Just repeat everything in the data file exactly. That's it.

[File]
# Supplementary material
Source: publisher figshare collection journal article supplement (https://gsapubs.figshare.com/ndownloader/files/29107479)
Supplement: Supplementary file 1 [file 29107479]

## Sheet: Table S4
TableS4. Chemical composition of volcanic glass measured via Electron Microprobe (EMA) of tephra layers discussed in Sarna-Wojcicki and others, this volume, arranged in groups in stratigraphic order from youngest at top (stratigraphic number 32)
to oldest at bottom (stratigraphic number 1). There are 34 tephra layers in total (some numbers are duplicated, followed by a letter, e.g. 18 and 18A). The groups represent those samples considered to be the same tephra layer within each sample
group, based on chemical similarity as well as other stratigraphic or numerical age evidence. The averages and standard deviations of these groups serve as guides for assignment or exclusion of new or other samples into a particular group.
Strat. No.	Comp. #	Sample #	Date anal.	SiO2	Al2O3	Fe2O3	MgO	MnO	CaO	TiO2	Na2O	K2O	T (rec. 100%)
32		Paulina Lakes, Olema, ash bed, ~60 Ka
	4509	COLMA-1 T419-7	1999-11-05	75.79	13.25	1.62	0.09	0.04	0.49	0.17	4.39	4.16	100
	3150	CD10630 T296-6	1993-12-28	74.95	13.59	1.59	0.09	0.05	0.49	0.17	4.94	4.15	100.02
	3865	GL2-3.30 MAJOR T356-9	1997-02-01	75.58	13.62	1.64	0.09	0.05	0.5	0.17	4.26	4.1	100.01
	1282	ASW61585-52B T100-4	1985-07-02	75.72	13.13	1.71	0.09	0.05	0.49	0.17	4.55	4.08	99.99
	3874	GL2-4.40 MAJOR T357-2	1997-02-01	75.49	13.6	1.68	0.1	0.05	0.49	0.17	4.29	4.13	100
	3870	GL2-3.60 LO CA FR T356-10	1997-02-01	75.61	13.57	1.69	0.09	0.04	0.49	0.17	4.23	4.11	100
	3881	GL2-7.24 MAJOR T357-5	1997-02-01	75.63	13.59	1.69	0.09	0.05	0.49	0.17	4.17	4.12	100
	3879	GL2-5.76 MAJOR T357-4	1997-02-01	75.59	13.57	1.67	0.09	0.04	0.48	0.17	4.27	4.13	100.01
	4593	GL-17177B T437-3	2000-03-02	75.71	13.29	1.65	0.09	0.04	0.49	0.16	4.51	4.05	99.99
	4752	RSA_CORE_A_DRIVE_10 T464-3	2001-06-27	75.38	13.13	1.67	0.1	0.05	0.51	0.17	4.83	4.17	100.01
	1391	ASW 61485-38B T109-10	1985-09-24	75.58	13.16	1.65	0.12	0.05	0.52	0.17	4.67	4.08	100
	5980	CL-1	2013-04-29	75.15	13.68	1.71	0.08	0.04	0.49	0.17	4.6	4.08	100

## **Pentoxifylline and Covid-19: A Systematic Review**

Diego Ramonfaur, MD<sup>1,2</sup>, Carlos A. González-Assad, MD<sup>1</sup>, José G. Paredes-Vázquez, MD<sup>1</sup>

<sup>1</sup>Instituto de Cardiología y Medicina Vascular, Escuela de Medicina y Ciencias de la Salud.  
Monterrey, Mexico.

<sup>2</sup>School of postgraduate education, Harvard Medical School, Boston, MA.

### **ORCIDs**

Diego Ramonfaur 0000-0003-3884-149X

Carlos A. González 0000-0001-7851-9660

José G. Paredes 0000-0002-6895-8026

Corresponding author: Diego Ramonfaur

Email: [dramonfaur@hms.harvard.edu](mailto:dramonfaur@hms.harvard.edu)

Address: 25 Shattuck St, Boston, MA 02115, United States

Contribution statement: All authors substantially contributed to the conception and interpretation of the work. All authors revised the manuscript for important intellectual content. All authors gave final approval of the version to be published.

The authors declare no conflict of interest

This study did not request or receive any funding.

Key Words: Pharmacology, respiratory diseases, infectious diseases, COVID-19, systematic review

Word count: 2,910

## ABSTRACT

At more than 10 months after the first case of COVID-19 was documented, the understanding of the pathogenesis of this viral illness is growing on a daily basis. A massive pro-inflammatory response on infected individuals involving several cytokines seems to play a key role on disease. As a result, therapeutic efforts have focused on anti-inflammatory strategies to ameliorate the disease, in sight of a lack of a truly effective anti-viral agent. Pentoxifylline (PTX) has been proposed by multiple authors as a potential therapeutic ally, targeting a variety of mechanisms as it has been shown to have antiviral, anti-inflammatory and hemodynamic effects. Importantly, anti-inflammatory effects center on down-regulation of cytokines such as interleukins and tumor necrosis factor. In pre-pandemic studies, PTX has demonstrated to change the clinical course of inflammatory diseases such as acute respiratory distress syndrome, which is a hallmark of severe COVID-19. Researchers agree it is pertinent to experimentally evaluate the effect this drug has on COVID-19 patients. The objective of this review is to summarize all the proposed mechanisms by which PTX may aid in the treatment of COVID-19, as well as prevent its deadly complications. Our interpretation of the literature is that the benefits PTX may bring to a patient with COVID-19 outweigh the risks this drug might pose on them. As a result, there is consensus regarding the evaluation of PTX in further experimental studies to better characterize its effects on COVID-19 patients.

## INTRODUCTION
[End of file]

# Supplementary material
Source: publisher figshare collection journal article supplement (https://gsapubs.figshare.com/ndownloader/files/29107479)
Supplement: Supplementary file 1 [file 29107479]

## Sheet: Table S4
TableS4. Chemical composition of volcanic glass measured via Electron Microprobe (EMA) of tephra layers discussed in Sarna-Wojcicki and others, this volume, arranged in groups in stratigraphic order from youngest at top (stratigraphic number 32)
to oldest at bottom (stratigraphic number 1). There are 34 tephra layers in total (some numbers are duplicated, followed by a letter, e.g. 18 and 18A). The groups represent those samples considered to be the same tephra layer within each sample
group, based on chemical similarity as well as other stratigraphic or numerical age evidence. The averages and standard deviations of these groups serve as guides for assignment or exclusion of new or other samples into a particular group.
Strat. No.	Comp. #	Sample #	Date anal.	SiO2	Al2O3	Fe2O3	MgO	MnO	CaO	TiO2	Na2O	K2O	T (rec. 100%)
32		Paulina Lakes, Olema, ash bed, ~60 Ka
	4509	COLMA-1 T419-7	1999-11-05	75.79	13.25	1.62	0.09	0.04	0.49	0.17	4.39	4.16	100
	3150	CD10630 T296-6	1993-12-28	74.95	13.59	1.59	0.09	0.05	0.49	0.17	4.94	4.15	100.02
	3865	GL2-3.30 MAJOR T356-9	1997-02-01	75.58	13.62	1.64	0.09	0.05	0.5	0.17	4.26	4.1	100.01
	1282	ASW61585-52B T100-4	1985-07-02	75.72	13.13	1.71	0.09	0.05	0.49	0.17	4.55	4.08	99.99
	3874	GL2-4.40 MAJOR T357-2	1997-02-01	75.49	13.6	1.68	0.1	0.05	0.49	0.17	4.29	4.13	100
	3870	GL2-3.60 LO CA FR T356-10	1997-02-01	75.61	13.57	1.69	0.09	0.04	0.49	0.17	4.23	4.11	100
	3881	GL2-7.24 MAJOR T357-5	1997-02-01	75.63	13.59	1.69	0.09	0.05	0.49	0.17	4.17	4.12	100
	3879	GL2-5.76 MAJOR T357-4	1997-02-01	75.59	13.57	1.67	0.09	0.04	0.48	0.17	4.27	4.13	100.01
	4593	GL-17177B T437-3	2000-03-02	75.71	13.29	1.65	0.09	0.04	0.49	0.16	4.51	4.05	99.99
	4752	RSA_CORE_A_DRIVE_10 T464-3	2001-06-27	75.38	13.13	1.67	0.1	0.05	0.51	0.17	4.83	4.17	100.01
	1391	ASW 61485-38B T109-10	1985-09-24	75.58	13.16	1.65	0.12	0.05	0.52	0.17	4.67	4.08	100
	5980	CL-1	2013-04-29	75.15	13.68	1.71	0.08	0.04	0.49	0.17	4.6	4.08	100

## **Pentoxifylline and Covid-19: A Systematic Review**

Diego Ramonfaur, MD<sup>1,2</sup>, Carlos A. González-Assad, MD<sup>1</sup>, José G. Paredes-Vázquez, MD<sup>1</sup>

<sup>1</sup>Instituto de Cardiología y Medicina Vascular, Escuela de Medicina y Ciencias de la Salud.  
Monterrey, Mexico.

<sup>2</sup>School of postgraduate education, Harvard Medical School, Boston, MA.

### **ORCIDs**

Diego Ramonfaur 0000-0003-3884-149X

Carlos A. González 0000-0001-7851-9660

José G. Paredes 0000-0002-6895-8026

Corresponding author: Diego Ramonfaur

Email: [dramonfaur@hms.harvard.edu](mailto:dramonfaur@hms.harvard.edu)

Address: 25 Shattuck St, Boston, MA 02115, United States

Contribution statement: All authors substantially contributed to the conception and interpretation of the work. All authors revised the manuscript for important intellectual content. All authors gave final approval of the version to be published.

The authors declare no conflict of interest

This study did not request or receive any funding.

Key Words: Pharmacology, respiratory diseases, infectious diseases, COVID-19, systematic review

Word count: 2,910

## ABSTRACT

At more than 10 months after the first case of COVID-19 was documented, the understanding of the pathogenesis of this viral illness is growing on a daily basis. A massive pro-inflammatory response on infected individuals involving several cytokines seems to play a key role on disease. As a result, therapeutic efforts have focused on anti-inflammatory strategies to ameliorate the disease, in sight of a lack of a truly effective anti-viral agent. Pentoxifylline (PTX) has been proposed by multiple authors as a potential therapeutic ally, targeting a variety of mechanisms as it has been shown to have antiviral, anti-inflammatory and hemodynamic effects. Importantly, anti-inflammatory effects center on down-regulation of cytokines such as interleukins and tumor necrosis factor. In pre-pandemic studies, PTX has demonstrated to change the clinical course of inflammatory diseases such as acute respiratory distress syndrome, which is a hallmark of severe COVID-19. Researchers agree it is pertinent to experimentally evaluate the effect this drug has on COVID-19 patients. The objective of this review is to summarize all the proposed mechanisms by which PTX may aid in the treatment of COVID-19, as well as prevent its deadly complications. Our interpretation of the literature is that the benefits PTX may bring to a patient with COVID-19 outweigh the risks this drug might pose on them. As a result, there is consensus regarding the evaluation of PTX in further experimental studies to better characterize its effects on COVID-19 patients.

## INTRODUCTION